3D model (JSmol)
CompTox Dashboard (EPA)
|Molar mass||380.91 g/mol|
|Appearance||colorless to light tan crystals|
|Melting point||176 to 177 °C (349 to 351 °F; 449 to 450 K)|
|Boiling point||385 °C (725 °F; 658 K)|
|Main hazards||potential carcinogen|
exposure limit (PEL)
|TWA 0.25 mg/m3 [skin]|
Except where otherwise noted, data are given for materials in their standard state (at 25 °C [77 °F], 100 kPa).
|verify (what is ?)|
Dieldrin is a chlorinated hydrocarbon originally produced in 1948 by J. Hyman & Co, Denver, as an insecticide. Dieldrin is closely related to aldrin. Aldrin reacts further to form dieldrin. Aldrin is not toxic to insects; it is oxidized in the insect to form dieldrin which is the active compound. Both dieldrin and aldrin are named after the Diels-Alder reaction which is used to form aldrin from a mixture of norbornadiene and hexachlorocyclopentadiene.
Dieldrin was developed as an alternative to DDT and has proved to be a highly effective insecticide. It was very widely used during the 1950s to early 1970s. Endrin is a stereoisomer of dieldrin.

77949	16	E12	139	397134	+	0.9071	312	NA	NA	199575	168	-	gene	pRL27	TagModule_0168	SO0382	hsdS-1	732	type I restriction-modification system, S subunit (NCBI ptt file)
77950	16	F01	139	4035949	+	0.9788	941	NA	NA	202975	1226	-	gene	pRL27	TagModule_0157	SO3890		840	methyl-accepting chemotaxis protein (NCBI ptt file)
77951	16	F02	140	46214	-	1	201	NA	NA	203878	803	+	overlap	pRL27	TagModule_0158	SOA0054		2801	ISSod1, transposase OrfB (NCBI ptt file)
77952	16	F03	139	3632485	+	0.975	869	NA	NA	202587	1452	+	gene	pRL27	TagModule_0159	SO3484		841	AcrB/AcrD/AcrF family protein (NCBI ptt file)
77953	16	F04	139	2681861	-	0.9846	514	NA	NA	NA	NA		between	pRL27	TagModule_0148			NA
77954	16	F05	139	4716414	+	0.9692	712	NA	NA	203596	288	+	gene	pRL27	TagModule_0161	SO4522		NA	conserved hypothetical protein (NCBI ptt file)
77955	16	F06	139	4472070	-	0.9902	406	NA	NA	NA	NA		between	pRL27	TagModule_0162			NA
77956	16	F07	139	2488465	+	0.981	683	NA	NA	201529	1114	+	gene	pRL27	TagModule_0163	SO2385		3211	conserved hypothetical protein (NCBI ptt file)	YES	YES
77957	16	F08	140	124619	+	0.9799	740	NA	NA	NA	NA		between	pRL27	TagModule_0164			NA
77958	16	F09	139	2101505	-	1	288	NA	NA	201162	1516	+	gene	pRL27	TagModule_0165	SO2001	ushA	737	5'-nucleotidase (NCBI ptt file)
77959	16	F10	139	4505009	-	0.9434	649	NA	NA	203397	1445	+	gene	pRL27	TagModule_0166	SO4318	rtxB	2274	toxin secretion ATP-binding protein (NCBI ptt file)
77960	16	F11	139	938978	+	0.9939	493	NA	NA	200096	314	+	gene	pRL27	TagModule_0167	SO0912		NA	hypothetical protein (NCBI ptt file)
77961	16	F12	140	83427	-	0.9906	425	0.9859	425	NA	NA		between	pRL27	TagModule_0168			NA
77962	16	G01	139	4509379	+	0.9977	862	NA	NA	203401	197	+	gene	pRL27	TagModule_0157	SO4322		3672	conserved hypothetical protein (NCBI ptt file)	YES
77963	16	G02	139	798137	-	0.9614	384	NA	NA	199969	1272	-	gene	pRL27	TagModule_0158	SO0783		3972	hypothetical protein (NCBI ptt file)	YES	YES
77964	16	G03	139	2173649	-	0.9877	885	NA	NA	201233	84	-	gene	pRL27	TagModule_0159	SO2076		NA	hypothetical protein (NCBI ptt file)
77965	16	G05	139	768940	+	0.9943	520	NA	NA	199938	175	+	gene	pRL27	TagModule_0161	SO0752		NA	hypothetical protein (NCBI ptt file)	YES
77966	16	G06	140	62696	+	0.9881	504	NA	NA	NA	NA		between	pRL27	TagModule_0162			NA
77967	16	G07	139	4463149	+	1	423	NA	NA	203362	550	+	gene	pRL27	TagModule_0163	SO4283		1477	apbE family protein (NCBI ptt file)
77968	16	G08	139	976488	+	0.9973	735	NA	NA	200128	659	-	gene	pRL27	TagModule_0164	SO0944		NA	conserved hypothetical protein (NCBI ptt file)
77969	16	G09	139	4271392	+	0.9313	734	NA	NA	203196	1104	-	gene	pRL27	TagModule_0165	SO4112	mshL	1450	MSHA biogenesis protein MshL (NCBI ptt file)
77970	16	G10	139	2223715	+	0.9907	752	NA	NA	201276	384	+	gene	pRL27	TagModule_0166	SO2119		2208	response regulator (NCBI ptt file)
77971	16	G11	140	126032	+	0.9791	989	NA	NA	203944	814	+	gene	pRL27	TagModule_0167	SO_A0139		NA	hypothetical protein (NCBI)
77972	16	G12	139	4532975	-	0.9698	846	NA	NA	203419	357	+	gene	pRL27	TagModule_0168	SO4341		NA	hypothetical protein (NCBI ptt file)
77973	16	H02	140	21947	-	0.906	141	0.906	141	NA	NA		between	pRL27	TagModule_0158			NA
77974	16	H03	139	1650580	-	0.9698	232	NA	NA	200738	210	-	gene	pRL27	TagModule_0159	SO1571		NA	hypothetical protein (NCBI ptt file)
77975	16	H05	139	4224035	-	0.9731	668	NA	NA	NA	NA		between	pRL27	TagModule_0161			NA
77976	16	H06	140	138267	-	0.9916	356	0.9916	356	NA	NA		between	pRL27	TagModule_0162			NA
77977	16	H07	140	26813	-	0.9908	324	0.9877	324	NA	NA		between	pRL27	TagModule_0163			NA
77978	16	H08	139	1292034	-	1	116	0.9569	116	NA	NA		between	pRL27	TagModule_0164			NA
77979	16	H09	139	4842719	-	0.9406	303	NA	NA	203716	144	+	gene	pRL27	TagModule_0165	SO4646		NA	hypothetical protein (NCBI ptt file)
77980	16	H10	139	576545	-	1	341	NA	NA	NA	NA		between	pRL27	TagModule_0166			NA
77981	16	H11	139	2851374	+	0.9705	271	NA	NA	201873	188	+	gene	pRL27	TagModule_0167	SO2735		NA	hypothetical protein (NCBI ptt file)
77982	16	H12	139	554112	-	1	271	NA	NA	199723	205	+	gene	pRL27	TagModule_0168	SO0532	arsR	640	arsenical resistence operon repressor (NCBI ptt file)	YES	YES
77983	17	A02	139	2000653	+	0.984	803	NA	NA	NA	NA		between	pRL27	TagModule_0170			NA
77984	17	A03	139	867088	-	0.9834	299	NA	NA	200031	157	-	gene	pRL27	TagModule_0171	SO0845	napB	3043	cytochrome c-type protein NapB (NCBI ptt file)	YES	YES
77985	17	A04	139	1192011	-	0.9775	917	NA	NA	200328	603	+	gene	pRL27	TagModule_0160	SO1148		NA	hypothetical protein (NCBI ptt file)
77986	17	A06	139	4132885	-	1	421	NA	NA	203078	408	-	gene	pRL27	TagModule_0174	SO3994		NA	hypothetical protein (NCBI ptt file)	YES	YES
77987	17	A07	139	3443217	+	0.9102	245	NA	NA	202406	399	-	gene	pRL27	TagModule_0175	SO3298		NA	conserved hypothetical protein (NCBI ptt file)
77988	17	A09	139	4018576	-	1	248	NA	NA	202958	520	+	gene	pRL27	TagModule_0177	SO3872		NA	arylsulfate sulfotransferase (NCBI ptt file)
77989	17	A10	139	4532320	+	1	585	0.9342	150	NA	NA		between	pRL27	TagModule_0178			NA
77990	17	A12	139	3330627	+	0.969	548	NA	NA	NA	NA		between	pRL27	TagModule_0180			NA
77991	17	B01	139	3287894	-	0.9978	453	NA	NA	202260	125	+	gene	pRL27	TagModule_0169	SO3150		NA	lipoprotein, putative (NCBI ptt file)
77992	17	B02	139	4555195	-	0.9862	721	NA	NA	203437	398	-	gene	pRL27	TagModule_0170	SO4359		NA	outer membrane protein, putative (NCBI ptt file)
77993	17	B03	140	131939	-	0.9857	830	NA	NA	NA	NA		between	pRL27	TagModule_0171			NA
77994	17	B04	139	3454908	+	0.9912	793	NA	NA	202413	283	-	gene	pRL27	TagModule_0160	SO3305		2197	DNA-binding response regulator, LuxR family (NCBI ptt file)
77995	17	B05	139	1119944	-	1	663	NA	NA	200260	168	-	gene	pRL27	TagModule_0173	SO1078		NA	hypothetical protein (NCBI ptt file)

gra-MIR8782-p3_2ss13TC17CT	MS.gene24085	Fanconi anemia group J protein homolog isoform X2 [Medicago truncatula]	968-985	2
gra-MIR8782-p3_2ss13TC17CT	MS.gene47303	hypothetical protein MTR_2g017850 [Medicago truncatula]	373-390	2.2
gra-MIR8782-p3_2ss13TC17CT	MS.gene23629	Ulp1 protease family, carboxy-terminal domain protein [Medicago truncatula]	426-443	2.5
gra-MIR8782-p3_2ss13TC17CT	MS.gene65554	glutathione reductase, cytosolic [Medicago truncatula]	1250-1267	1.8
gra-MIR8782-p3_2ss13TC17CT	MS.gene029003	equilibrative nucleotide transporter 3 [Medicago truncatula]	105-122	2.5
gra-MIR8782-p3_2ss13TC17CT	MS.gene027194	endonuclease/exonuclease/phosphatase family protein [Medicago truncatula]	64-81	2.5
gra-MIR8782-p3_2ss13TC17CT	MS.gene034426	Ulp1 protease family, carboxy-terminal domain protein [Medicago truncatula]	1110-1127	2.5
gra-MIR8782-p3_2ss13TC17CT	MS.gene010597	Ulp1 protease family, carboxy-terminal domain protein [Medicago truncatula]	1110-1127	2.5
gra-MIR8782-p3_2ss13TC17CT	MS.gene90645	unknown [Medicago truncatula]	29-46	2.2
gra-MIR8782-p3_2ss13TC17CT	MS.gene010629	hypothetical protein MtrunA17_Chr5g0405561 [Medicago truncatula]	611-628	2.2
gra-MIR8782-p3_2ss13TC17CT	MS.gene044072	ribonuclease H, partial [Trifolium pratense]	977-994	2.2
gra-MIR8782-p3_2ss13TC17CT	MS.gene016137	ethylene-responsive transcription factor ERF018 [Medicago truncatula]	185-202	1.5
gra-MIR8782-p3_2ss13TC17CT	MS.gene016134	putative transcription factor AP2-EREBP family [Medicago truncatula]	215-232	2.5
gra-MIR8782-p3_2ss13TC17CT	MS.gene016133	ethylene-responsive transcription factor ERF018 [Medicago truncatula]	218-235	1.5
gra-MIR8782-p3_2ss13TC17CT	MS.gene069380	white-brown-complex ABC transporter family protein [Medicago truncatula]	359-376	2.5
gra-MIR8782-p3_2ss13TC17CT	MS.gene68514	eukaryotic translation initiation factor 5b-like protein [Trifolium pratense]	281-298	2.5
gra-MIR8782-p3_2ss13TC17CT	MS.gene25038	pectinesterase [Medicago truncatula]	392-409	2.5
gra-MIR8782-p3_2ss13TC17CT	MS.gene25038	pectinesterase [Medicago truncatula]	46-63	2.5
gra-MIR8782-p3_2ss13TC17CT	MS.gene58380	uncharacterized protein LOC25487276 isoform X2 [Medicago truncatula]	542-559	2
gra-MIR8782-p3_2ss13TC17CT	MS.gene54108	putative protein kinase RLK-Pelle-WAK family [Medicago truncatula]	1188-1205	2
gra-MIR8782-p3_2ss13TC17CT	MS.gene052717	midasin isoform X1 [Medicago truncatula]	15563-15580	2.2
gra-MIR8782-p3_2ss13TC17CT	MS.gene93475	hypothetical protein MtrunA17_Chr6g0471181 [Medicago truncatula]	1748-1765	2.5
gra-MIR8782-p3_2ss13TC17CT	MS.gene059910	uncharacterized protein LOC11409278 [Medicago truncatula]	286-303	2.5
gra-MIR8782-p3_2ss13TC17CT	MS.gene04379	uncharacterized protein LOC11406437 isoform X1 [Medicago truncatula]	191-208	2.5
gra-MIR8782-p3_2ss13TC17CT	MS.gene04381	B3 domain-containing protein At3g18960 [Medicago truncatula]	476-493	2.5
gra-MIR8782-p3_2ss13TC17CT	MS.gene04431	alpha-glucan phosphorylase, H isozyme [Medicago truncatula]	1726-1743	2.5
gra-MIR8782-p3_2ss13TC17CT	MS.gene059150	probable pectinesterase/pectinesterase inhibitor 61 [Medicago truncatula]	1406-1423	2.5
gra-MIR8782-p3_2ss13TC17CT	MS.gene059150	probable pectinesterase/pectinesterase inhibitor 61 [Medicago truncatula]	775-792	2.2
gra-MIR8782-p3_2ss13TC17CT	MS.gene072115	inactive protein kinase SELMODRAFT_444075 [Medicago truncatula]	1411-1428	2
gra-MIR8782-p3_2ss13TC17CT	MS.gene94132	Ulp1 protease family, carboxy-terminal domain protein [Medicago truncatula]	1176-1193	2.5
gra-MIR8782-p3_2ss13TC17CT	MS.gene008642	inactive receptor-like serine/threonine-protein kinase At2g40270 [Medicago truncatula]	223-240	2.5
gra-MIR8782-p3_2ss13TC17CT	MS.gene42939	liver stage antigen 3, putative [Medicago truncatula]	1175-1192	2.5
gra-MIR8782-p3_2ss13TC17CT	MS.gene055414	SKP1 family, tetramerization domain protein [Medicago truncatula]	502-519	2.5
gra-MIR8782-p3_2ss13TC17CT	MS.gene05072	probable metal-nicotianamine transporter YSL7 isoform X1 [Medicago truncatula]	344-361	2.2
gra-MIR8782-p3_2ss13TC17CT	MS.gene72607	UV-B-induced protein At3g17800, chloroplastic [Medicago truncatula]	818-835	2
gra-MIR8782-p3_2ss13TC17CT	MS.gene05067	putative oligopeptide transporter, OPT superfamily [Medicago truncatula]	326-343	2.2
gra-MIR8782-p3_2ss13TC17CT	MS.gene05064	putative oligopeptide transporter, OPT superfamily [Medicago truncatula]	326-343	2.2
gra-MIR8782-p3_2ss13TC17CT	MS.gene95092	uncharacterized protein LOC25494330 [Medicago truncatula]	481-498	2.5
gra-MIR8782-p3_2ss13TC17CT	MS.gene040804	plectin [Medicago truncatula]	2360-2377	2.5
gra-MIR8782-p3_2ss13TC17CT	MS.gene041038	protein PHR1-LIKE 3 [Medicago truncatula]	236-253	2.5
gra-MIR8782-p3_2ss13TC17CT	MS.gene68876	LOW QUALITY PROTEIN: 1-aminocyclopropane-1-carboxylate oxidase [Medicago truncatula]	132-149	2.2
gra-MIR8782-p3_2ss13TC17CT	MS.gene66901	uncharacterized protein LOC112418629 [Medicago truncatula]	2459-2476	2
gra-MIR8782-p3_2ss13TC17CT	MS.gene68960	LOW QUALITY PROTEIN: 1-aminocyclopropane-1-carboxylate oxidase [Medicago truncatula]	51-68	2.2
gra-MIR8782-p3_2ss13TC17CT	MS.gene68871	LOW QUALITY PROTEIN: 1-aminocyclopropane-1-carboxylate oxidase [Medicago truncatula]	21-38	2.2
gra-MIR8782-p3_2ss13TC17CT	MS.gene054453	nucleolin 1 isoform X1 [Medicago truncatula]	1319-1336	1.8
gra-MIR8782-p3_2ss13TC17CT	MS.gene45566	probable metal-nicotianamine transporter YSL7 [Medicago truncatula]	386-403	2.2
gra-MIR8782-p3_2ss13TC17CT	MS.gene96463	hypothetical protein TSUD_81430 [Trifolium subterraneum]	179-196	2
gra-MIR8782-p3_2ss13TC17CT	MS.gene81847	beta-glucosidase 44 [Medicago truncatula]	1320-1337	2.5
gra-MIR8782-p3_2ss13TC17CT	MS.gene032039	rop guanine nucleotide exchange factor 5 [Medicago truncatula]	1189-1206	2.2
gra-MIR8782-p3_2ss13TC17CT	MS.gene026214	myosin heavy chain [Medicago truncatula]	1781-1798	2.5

However, it is an extremely persistent organic pollutant; it does not degrade easily. Furthermore, it tends to biomagnify as it is passed along the food chain. Long-term exposure has proven toxic to a very wide range of animals including humans. For this reason it is now banned in most of the world.
It has been linked to health problems such as Parkinson's disease, breast cancer, and immune, reproductive, and nervous system damage. It can also adversely affect testicular descent in the fetus if a pregnant woman is exposed to Dieldrin.
Dieldrin is listed in the Stockholm Convention on Persistent Organic Pollutants.
Synthesis[change | change source]
It can be formed from the synthesis of hexachloro-1,3-cyclopentadiene with norbornadiene in a Diels-Alder reaction, followed by epoxidation of the norbornene ring.
Dieldrin is named after Otto Paul Hermann Diels, the co-inventor of the Diels-Alder reaction.
References[change | change source]
- ↑ 1.0 1.1 1.2 NIOSH Pocket Guide to Chemical Hazards. "#0206". National Institute for Occupational Safety and Health (NIOSH).
- ↑ Jubb, A. H. (1975). Basic Organic Chemistry, Part 5 Industrial products. London: Wiley. ISBN 0-471-85014-4.